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kleptomania (McElroy et al., 1991; 1994), bulimia and shoplifting (Norton, Crisp, and Bhat, 1985; Mitchell et al., 1985; Williamson, 1990), alcoholism and drug abuse (Mitchell et al., 1985; Williamson, 1990), and binge eating disorder and bulimia nervosa (Faber et al., 1995). These disorders have occurred for some individuals as simultaneous, while for others they have emerged serially after a previous one has been established, or after the initial disorder has been controlled (Hirschman, 1992; Mitchell, 1990; Oxford, 1985). While efforts are being made to theoretically link the related disorders, there is much debate in the psychiatric literature over which disorders should be grouped together (Christenson et al., 1992; 1994; McElroy et al., 1994; Milkman and Sunderwirth, 1982). Within the marketing literature, Faber, OGuinn and Krych (1987) identified three characteristics that appeared to be common across addictive and compulsive phenomena: (1) the presence of a drive, impulse, or urge to engage in the behavior, (2) denial of the harmful consequences of engaging in the behavior, and (3) repeated failure in attempts to control or modify the behavior. Correspondingly, compulsive consumption was defined in the marketing literature by Faber and OGuinn (1989) as chronic, repetitive purchasing that becomes a primary response to negative events or feelings [which]becomes very difficult to stop and ultimately results in harmful consequences, (Faber and OGuinn, 1989, p. 155). Although previously described in the literature as a dichotomy of compulsive and noncompulsive consumers (dAstous, 1990; Faber and OGuinn, 1988a; 1988b; 1989; 1992; OGuinn and Faber, 1987b; 1989; Valence, dAstous and Fortier 1988), it has been reasoned that compulsive buying occurs and is more appropriately described as degrees of behavior on a continuum (dAstous, 1990; Nataraajan and Goff, 1991; Hirschman, 1992). As with impulsive behavior, the various abilities/inabilities of individuals to delay gratification (i.e., levels of impulse control) as well as other combined personality attributes, and their strengths provide a continuum of compulsive behavior. Nataraajan and Goff (1991) have suggested that the levels of compulsive buying are distinguished by a continuum of control over behavior that the individual is able to manage, combined with a continuum of motives. Past research has identified the addictive nature of compulsive buying behavior (Briney, 1989; Edwards, 1992, 1993, 1994a; Hirschmann, 1992; Scherhorn, 1990; Scherhorn Reisch and Raab, 1990). It has been suggested that addiction to spending can occur progressively, starting when the recreational buyer, who may shop as an escape, finds the experienced high to be an easy and gratifying way to deal with stress or negative emotions. Anxiety overload caused by a crisis then triggers the individual to buy compulsively. As progressively less relief is experienced with each shopping spree, the person requires another fix, thus beginning to depend on shopping and spending as the primary means of coping with anxiety. Thus, viewed as an addiction, compulsive buying may be considered a progression from normal to impulsive spending, to a means of escape from stress and anxiety, and finally to addiction (DeSarbo and Edwards, 1996). The primary criterion to determine whether buying behavior is innocuous or potentially compulsive (abnormal) buying is whether or not such behavior is causing disruption in the normal life of the individual (Faber and OGuinn, 1989; Nataraajan and Goff, 1991). Black (1996) described compulsive buyers as shopping excessively to the point that their lives are literally organized around a broad range of shopping experiences. Schlosser et al. (1994) reported that 85 percent of their subjects expressed concern about their compulsive buying related debts, and that 74 percent felt out of control. Thus, if buying behavior begins to interfere with other spheres of an individuals life, such as relationships with family and friends, financial well being,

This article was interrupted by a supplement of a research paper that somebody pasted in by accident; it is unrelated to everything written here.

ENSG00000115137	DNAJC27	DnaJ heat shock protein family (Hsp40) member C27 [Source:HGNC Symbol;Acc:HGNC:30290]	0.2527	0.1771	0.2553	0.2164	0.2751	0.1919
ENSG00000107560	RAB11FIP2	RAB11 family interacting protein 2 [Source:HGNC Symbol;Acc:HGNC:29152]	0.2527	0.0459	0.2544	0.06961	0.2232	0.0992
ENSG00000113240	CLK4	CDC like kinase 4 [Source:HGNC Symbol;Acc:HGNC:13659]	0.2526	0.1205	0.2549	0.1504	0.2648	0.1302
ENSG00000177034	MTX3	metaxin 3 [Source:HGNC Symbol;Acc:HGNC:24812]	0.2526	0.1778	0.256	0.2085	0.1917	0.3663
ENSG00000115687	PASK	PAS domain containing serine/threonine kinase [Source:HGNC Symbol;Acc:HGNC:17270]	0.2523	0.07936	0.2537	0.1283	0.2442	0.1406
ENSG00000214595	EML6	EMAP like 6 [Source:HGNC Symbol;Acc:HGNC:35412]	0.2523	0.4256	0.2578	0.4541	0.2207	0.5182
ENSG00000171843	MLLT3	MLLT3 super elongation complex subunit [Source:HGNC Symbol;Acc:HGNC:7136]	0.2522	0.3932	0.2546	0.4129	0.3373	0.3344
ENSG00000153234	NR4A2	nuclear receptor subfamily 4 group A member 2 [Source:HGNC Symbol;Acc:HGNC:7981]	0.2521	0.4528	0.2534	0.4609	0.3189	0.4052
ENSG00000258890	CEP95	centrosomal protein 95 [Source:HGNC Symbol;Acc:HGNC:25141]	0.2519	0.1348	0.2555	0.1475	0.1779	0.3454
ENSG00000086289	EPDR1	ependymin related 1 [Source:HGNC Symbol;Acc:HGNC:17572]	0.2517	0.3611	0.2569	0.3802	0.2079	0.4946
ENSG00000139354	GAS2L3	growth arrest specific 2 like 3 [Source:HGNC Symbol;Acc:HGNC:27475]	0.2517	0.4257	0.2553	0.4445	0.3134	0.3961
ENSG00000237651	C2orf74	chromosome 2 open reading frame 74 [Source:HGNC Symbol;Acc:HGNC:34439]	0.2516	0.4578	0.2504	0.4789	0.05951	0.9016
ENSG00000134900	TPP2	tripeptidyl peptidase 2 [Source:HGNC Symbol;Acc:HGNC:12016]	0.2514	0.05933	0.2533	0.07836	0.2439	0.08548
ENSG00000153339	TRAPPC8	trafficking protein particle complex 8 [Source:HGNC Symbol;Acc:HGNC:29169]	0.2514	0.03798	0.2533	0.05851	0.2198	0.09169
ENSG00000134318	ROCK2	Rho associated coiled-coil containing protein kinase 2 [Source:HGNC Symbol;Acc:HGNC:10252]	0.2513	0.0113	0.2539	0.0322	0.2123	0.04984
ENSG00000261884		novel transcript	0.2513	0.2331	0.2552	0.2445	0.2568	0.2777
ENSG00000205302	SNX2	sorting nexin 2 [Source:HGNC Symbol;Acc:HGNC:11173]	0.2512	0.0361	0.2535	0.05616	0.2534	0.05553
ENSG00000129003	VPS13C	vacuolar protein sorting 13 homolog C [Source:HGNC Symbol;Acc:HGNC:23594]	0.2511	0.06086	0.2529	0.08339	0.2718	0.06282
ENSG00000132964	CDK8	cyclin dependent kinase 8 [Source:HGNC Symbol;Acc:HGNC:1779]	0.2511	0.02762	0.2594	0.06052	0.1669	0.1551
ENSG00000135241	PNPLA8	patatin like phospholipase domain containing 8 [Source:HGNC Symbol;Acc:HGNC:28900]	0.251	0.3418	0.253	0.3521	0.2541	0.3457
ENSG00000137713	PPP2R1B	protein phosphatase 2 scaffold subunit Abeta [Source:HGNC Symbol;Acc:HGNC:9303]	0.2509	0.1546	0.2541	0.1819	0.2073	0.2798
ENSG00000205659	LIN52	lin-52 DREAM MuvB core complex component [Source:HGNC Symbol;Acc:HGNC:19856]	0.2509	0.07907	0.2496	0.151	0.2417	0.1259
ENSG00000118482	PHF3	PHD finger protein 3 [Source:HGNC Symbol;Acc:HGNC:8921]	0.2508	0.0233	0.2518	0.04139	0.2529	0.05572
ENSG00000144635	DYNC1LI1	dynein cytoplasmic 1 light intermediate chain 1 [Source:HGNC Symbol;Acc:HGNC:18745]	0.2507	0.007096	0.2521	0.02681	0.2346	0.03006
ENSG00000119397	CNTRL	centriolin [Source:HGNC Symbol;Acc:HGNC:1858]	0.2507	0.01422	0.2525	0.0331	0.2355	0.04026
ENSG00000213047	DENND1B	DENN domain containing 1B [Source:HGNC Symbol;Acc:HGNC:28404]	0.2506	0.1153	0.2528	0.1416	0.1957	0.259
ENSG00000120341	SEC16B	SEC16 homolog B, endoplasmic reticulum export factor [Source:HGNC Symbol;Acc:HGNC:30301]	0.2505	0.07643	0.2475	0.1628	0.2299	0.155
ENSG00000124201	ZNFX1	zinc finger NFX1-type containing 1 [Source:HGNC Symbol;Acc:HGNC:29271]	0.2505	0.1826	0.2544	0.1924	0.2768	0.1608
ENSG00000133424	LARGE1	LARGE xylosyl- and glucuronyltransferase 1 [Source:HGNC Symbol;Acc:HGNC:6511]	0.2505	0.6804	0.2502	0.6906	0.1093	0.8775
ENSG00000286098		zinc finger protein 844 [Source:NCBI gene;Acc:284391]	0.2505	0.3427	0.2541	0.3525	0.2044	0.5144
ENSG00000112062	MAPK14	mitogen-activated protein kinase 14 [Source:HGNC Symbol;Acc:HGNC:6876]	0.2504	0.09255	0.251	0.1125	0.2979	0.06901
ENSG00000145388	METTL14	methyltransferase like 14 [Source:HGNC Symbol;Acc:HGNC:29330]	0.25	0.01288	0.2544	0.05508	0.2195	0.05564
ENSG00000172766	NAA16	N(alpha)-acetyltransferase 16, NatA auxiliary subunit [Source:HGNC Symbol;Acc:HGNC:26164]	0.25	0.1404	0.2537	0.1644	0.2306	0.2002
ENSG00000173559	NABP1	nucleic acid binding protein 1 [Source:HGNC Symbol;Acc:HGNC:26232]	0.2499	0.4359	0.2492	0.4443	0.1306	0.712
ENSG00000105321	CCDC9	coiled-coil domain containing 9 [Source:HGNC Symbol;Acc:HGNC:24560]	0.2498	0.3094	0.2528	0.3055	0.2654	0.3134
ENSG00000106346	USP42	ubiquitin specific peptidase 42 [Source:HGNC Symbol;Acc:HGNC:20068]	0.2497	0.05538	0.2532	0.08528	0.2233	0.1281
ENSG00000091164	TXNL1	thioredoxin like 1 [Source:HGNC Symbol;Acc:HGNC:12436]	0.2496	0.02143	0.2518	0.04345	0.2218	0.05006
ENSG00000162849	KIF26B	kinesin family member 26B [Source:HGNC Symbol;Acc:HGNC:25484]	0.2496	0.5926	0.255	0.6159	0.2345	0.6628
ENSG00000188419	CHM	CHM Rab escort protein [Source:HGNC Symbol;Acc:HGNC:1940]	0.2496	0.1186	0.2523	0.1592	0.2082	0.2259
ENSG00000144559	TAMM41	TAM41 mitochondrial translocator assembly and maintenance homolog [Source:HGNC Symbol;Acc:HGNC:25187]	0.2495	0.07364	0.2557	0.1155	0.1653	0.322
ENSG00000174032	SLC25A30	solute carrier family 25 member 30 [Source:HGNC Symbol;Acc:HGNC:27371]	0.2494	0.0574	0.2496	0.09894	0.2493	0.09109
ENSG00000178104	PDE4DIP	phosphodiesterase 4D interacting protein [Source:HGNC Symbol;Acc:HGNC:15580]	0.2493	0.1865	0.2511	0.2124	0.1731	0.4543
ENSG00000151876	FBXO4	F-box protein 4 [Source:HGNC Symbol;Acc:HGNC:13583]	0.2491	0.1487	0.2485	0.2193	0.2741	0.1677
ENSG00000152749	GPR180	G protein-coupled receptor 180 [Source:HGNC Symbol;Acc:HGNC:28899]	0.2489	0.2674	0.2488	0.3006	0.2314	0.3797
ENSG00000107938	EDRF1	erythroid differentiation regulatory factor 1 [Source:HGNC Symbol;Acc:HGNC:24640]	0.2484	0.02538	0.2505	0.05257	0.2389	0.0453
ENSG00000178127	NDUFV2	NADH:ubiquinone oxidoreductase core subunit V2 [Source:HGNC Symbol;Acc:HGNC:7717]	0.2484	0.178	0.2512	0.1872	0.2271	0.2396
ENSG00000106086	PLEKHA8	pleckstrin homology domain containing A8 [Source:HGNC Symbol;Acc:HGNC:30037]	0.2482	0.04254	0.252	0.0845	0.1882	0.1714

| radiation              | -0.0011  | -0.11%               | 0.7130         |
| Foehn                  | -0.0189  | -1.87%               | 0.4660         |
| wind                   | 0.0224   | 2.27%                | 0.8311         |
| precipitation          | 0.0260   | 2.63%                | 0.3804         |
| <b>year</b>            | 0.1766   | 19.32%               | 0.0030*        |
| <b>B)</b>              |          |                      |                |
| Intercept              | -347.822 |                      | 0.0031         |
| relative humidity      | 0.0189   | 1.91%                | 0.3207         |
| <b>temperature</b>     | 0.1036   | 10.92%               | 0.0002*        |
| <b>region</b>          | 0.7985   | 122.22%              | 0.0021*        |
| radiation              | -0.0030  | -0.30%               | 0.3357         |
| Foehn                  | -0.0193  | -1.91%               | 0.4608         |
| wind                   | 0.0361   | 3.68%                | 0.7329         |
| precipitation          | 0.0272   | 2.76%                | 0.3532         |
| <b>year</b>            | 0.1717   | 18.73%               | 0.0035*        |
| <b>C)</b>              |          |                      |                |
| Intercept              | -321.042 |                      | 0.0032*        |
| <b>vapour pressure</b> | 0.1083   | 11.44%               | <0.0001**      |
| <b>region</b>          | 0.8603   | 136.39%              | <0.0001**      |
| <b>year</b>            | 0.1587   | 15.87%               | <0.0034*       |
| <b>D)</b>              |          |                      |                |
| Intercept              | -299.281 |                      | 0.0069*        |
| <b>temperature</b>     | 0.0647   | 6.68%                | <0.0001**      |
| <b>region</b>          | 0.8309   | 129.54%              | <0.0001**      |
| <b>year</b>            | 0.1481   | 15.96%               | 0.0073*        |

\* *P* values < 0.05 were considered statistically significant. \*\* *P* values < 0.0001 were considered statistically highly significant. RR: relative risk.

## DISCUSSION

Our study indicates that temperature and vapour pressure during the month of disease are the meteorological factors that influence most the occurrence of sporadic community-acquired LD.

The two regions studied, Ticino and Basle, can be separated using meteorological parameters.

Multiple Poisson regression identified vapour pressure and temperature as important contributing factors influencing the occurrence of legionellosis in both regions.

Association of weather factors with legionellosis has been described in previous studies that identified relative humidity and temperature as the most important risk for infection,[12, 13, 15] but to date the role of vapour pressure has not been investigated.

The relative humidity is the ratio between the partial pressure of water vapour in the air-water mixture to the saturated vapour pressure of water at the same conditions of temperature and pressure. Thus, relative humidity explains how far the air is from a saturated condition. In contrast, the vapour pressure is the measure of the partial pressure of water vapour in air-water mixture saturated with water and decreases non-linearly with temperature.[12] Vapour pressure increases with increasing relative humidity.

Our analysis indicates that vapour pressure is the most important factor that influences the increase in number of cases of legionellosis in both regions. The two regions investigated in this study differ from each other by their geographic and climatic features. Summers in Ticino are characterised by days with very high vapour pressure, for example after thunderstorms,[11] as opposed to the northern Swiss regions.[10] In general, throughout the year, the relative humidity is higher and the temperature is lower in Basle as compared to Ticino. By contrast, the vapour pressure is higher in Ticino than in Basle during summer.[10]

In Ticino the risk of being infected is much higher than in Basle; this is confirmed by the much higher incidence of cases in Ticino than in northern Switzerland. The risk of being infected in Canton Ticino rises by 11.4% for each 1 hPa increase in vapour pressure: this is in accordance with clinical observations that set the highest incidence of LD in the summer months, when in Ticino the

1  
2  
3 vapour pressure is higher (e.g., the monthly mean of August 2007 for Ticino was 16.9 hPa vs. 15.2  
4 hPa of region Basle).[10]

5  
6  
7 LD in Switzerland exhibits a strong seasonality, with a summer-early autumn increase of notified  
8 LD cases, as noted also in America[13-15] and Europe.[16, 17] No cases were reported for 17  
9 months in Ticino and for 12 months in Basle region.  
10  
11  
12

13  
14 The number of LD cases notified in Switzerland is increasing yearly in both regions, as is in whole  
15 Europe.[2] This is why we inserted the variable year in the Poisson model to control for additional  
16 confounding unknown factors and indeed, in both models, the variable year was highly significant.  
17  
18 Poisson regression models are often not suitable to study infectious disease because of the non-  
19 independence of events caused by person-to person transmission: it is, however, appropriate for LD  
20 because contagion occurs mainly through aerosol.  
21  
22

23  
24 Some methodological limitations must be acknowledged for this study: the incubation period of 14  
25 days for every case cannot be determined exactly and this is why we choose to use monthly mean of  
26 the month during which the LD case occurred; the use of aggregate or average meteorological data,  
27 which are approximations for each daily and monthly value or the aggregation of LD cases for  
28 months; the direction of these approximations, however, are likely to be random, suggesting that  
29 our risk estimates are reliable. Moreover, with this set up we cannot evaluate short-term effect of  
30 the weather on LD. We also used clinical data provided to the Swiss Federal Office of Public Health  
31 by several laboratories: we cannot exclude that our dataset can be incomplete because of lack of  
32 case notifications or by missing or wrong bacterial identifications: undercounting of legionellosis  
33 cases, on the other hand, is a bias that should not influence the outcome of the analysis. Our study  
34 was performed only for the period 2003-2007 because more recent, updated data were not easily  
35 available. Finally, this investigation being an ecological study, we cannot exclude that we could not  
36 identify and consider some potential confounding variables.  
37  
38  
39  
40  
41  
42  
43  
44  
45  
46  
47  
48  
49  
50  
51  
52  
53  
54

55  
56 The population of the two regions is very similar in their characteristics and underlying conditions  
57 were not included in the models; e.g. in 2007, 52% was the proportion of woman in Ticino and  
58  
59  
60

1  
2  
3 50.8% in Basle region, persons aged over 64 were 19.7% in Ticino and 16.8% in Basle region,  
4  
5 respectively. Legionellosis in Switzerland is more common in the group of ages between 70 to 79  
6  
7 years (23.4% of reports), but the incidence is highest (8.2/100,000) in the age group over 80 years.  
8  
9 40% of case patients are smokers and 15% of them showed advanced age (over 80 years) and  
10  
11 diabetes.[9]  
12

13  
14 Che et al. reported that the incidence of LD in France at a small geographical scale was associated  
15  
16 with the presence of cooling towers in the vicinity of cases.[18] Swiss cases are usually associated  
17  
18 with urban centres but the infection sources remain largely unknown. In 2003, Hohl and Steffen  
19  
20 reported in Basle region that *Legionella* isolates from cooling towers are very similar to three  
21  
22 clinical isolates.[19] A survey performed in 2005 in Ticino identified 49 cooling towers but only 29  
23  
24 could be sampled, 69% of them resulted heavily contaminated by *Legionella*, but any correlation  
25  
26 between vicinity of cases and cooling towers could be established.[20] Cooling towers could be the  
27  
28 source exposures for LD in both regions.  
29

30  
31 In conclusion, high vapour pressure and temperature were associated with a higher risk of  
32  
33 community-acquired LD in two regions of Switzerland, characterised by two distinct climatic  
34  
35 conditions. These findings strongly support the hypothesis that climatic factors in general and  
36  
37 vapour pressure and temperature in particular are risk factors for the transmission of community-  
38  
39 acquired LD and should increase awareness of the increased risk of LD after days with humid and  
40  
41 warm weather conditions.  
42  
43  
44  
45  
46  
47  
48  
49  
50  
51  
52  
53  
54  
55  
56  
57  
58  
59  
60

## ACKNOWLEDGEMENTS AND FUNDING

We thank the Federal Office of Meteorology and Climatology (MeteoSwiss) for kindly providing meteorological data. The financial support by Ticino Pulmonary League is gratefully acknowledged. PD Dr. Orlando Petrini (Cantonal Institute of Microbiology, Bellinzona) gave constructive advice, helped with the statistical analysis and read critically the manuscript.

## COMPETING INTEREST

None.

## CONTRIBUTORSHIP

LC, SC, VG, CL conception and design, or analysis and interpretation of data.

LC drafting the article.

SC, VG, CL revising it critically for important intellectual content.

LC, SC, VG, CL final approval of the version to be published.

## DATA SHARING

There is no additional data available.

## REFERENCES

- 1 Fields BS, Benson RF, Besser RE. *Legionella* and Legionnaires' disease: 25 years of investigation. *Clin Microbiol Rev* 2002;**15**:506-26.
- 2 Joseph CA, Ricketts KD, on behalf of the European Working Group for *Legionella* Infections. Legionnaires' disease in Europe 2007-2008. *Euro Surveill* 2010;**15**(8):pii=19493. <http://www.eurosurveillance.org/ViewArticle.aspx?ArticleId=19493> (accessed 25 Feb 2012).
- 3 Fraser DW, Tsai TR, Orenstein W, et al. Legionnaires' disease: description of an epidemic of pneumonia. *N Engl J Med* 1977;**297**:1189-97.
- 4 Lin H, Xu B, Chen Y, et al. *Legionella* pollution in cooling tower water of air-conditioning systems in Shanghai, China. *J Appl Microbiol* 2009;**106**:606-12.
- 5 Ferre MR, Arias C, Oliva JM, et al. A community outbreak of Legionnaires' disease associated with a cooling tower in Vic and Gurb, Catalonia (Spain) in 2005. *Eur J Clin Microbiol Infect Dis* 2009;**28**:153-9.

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or aspects of employment, and acts as an impediment to normal functioning, then it is deemed disruptive and is indicative of abnormality (Nataraajan and Goff, 1991). Compulsive buying manifestations are viewed as possibly having an addiction component or a general compulsion component or both. It is reasoned that if buying has an addiction component, then compulsive buying tendencies should be strongly linked to some general addictive propensity. When employing the MacAndrew Scale (1965) with a variety of compulsive buying tendencies discussed in the literature, it was indicated that addictive propensity correlated significantly with many aspects of credit card usage, self-realization of excessive spending, and self-acknowledgment that significant others had noticed and commented about the individuals spending excesses (Nataraajan and Goff, 1990; 1991). Based on their findings and the consideration of five widely used definitions of compulsion (American Psychiatric Association, 1985; American Psychoanalytic Association, 1987; Campbell, 1981; Rycroft, 1968; Stone, 1988), Nataraajan and Goff (1991) developed the following definition of compulsive buying: Compulsive buying has an addictive propensity and/or compulsive trait, and arises from persistently assailing, repetitive motive(s) to buy (or perform the ritual of buying) which may or may not be irresistible and may or may not be pleasurable or relieving but that which is fundamentally disruptive to normal functioning, (p. 321). A. Personality Traits Personality traits provide an area for addiction theorization. Figure 1 provides some of the personality characteristics that have been correlated with compulsive behaviors in the research. Research has found that in the area of drug addiction, as well as in many other forms of compulsive behavior, a strong tendency has been common for people to exhibit anxiety, depression, and low self esteem as adolescents (Mendelson and Mello, 1986). In studies using the Minnesota Multiphase Personality Inventory (MMPI), people who later became alcoholics were found to be more non-conformist, independent, under controlled, and impulsive than their peers (Mendelson and Mello, 1986). There is a generalized tendency among compulsive buyers toward compulsivity across behaviors (Kolotkin et al., 1987; Jacobs, 1986). These consumers tend to exhibit impulsive behaviors, doing things on the spur of the moment, and are frustrated when they cannot immediately get what they want. These people are additionally found to have difficulty establishing and maintaining emotional intimacy with others, often feeling alone or isolated. Mendelson and Mello (1986) note that these same traits are characteristic of people addicted to narcotics, amphetamines, barbiturates, and LSD, as well as people who are gamblers, heavy marijuana smokers, or have eating disorders (Hirschman, 1992). The compulsive buying disorder has been linked to obsessive-compulsive disorder, mood disorders, depression, compulsive hoarding, and/or impulse control disorders (Gittelson, 1966; Weiner, 1976; Baer et al., 1985; Glatt and Cook, 1987; McElroy et al., 1991; 1994; Christensen et al. 1992; Black 1996; 2007; Koran, 2000; Archart-Treichel, 2002; Mitchell et al., 2002; Mittenberger, 2003; Schmitz, 2005; Mueller et al., 2007; Fernandez-Aranda et al., 2008). One of the most consistent findings is that low self-esteem is strongly associated with compulsive behavior (Marlatt et al., 1988; OGuinn and Faber, 1989; Scherhorn, Reisch, and Raab, 1990). Due to this tendency toward low self-esteem, people suffering from various compulsive